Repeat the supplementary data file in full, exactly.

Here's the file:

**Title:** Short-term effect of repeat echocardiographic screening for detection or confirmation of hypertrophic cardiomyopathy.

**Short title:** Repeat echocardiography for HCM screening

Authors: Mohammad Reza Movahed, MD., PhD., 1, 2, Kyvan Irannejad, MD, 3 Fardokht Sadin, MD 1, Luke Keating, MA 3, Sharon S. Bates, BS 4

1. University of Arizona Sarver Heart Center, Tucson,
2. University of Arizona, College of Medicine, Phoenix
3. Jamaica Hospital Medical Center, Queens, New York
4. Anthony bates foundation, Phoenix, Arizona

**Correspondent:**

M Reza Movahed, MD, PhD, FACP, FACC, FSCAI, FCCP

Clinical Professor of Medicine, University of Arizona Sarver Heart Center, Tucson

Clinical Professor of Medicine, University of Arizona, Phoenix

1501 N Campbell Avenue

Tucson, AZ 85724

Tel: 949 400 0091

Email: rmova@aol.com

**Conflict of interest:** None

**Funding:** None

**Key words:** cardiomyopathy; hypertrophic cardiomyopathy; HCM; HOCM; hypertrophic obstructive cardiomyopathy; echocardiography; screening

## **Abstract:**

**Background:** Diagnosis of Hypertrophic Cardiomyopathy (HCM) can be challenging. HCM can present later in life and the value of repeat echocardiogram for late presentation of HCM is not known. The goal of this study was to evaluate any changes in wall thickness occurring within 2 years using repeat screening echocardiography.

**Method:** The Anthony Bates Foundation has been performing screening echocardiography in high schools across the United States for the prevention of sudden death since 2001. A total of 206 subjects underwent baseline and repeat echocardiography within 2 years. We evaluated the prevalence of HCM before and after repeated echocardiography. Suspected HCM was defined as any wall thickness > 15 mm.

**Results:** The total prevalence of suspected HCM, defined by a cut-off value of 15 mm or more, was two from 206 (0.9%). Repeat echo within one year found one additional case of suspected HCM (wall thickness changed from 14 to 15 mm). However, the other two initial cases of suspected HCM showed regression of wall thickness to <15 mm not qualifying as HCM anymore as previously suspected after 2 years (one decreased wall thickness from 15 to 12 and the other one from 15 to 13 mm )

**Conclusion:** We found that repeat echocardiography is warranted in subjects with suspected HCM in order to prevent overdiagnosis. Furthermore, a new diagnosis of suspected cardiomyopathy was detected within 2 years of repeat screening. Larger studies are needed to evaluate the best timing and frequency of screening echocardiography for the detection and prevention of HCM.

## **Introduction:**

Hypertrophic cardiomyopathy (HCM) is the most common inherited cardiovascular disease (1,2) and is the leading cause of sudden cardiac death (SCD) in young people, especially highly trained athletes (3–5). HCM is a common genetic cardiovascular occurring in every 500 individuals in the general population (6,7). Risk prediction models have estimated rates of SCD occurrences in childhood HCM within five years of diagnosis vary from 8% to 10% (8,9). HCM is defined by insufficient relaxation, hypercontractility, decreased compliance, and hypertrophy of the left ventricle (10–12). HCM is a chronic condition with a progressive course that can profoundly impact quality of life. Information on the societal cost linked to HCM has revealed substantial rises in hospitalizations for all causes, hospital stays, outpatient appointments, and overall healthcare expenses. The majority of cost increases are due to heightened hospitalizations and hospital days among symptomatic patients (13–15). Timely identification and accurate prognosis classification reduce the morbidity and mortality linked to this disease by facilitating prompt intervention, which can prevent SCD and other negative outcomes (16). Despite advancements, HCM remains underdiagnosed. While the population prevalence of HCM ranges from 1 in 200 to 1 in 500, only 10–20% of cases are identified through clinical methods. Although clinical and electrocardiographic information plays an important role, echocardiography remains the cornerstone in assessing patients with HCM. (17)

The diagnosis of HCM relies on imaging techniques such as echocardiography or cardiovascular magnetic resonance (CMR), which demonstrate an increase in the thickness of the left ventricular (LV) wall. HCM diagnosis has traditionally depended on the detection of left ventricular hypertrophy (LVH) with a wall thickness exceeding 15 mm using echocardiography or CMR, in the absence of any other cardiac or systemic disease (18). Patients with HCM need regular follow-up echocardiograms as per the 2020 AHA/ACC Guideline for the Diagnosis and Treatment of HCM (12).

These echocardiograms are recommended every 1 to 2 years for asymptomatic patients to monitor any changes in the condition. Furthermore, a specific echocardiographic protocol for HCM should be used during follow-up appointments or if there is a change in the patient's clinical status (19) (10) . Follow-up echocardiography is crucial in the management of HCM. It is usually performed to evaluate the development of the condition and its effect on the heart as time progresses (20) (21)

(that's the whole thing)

**Title:** Short-term effect of repeat echocardiographic screening for detection or confirmation of hypertrophic cardiomyopathy.

**Short title:** Repeat echocardiography for HCM screening

Authors: Mohammad Reza Movahed, MD., PhD., 1, 2, Kyvan Irannejad, MD, 3 Fardokht Sadin, MD 1, Luke Keating, MA 3, Sharon S. Bates, BS 4

1. University of Arizona Sarver Heart Center, Tucson,
2. University of Arizona, College of Medicine, Phoenix
3. Jamaica Hospital Medical Center, Queens, New York
4. Anthony bates foundation, Phoenix, Arizona

**Correspondent:**

M Reza Movahed, MD, PhD, FACP, FACC, FSCAI, FCCP

Clinical Professor of Medicine, University of Arizona Sarver Heart Center, Tucson

Clinical Professor of Medicine, University of Arizona, Phoenix

1501 N Campbell Avenue

Tucson, AZ 85724

Tel: 949 400 0091

Email: rmova@aol.com

**Conflict of interest:** None

**Funding:** None

**Key words:** cardiomyopathy; hypertrophic cardiomyopathy; HCM; HOCM; hypertrophic obstructive cardiomyopathy; echocardiography; screening

## **Abstract:**

**Background:** Diagnosis of Hypertrophic Cardiomyopathy (HCM) can be challenging. HCM can present later in life and the value of repeat echocardiogram for late presentation of HCM is not known. The goal of this study was to evaluate any changes in wall thickness occurring within 2 years using repeat screening echocardiography.

**Method:** The Anthony Bates Foundation has been performing screening echocardiography in high schools across the United States for the prevention of sudden death since 2001. A total of 206 subjects underwent baseline and repeat echocardiography within 2 years. We evaluated the prevalence of HCM before and after repeated echocardiography. Suspected HCM was defined as any wall thickness > 15 mm.

**Results:** The total prevalence of suspected HCM, defined by a cut-off value of 15 mm or more, was two from 206 (0.9%). Repeat echo within one year found one additional case of suspected HCM (wall thickness changed from 14 to 15 mm). However, the other two initial cases of suspected HCM showed regression of wall thickness to <15 mm not qualifying as HCM anymore as previously suspected after 2 years (one decreased wall thickness from 15 to 12 and the other one from 15 to 13 mm )

**Conclusion:** We found that repeat echocardiography is warranted in subjects with suspected HCM in order to prevent overdiagnosis. Furthermore, a new diagnosis of suspected cardiomyopathy was detected within 2 years of repeat screening. Larger studies are needed to evaluate the best timing and frequency of screening echocardiography for the detection and prevention of HCM.

## **Introduction:**

Hypertrophic cardiomyopathy (HCM) is the most common inherited cardiovascular disease (1,2) and is the leading cause of sudden cardiac death (SCD) in young people, especially highly trained athletes (3–5). HCM is a common genetic cardiovascular occurring in every 500 individuals in the general population (6,7). Risk prediction models have estimated rates of SCD occurrences in childhood HCM within five years of diagnosis vary from 8% to 10% (8,9). HCM is defined by insufficient relaxation, hypercontractility, decreased compliance, and hypertrophy of the left ventricle (10–12). HCM is a chronic condition with a progressive course that can profoundly impact quality of life. Information on the societal cost linked to HCM has revealed substantial rises in hospitalizations for all causes, hospital stays, outpatient appointments, and overall healthcare expenses. The majority of cost increases are due to heightened hospitalizations and hospital days among symptomatic patients (13–15). Timely identification and accurate prognosis classification reduce the morbidity and mortality linked to this disease by facilitating prompt intervention, which can prevent SCD and other negative outcomes (16). Despite advancements, HCM remains underdiagnosed. While the population prevalence of HCM ranges from 1 in 200 to 1 in 500, only 10–20% of cases are identified through clinical methods. Although clinical and electrocardiographic information plays an important role, echocardiography remains the cornerstone in assessing patients with HCM. (17)

The diagnosis of HCM relies on imaging techniques such as echocardiography or cardiovascular magnetic resonance (CMR), which demonstrate an increase in the thickness of the left ventricular (LV) wall. HCM diagnosis has traditionally depended on the detection of left ventricular hypertrophy (LVH) with a wall thickness exceeding 15 mm using echocardiography or CMR, in the absence of any other cardiac or systemic disease (18). Patients with HCM need regular follow-up echocardiograms as per the 2020 AHA/ACC Guideline for the Diagnosis and Treatment of HCM (12).

These echocardiograms are recommended every 1 to 2 years for asymptomatic patients to monitor any changes in the condition. Furthermore, a specific echocardiographic protocol for HCM should be used during follow-up appointments or if there is a change in the patient's clinical status (19) (10) . Follow-up echocardiography is crucial in the management of HCM. It is usually performed to evaluate the development of the condition and its effect on the heart as time progresses (20) (21)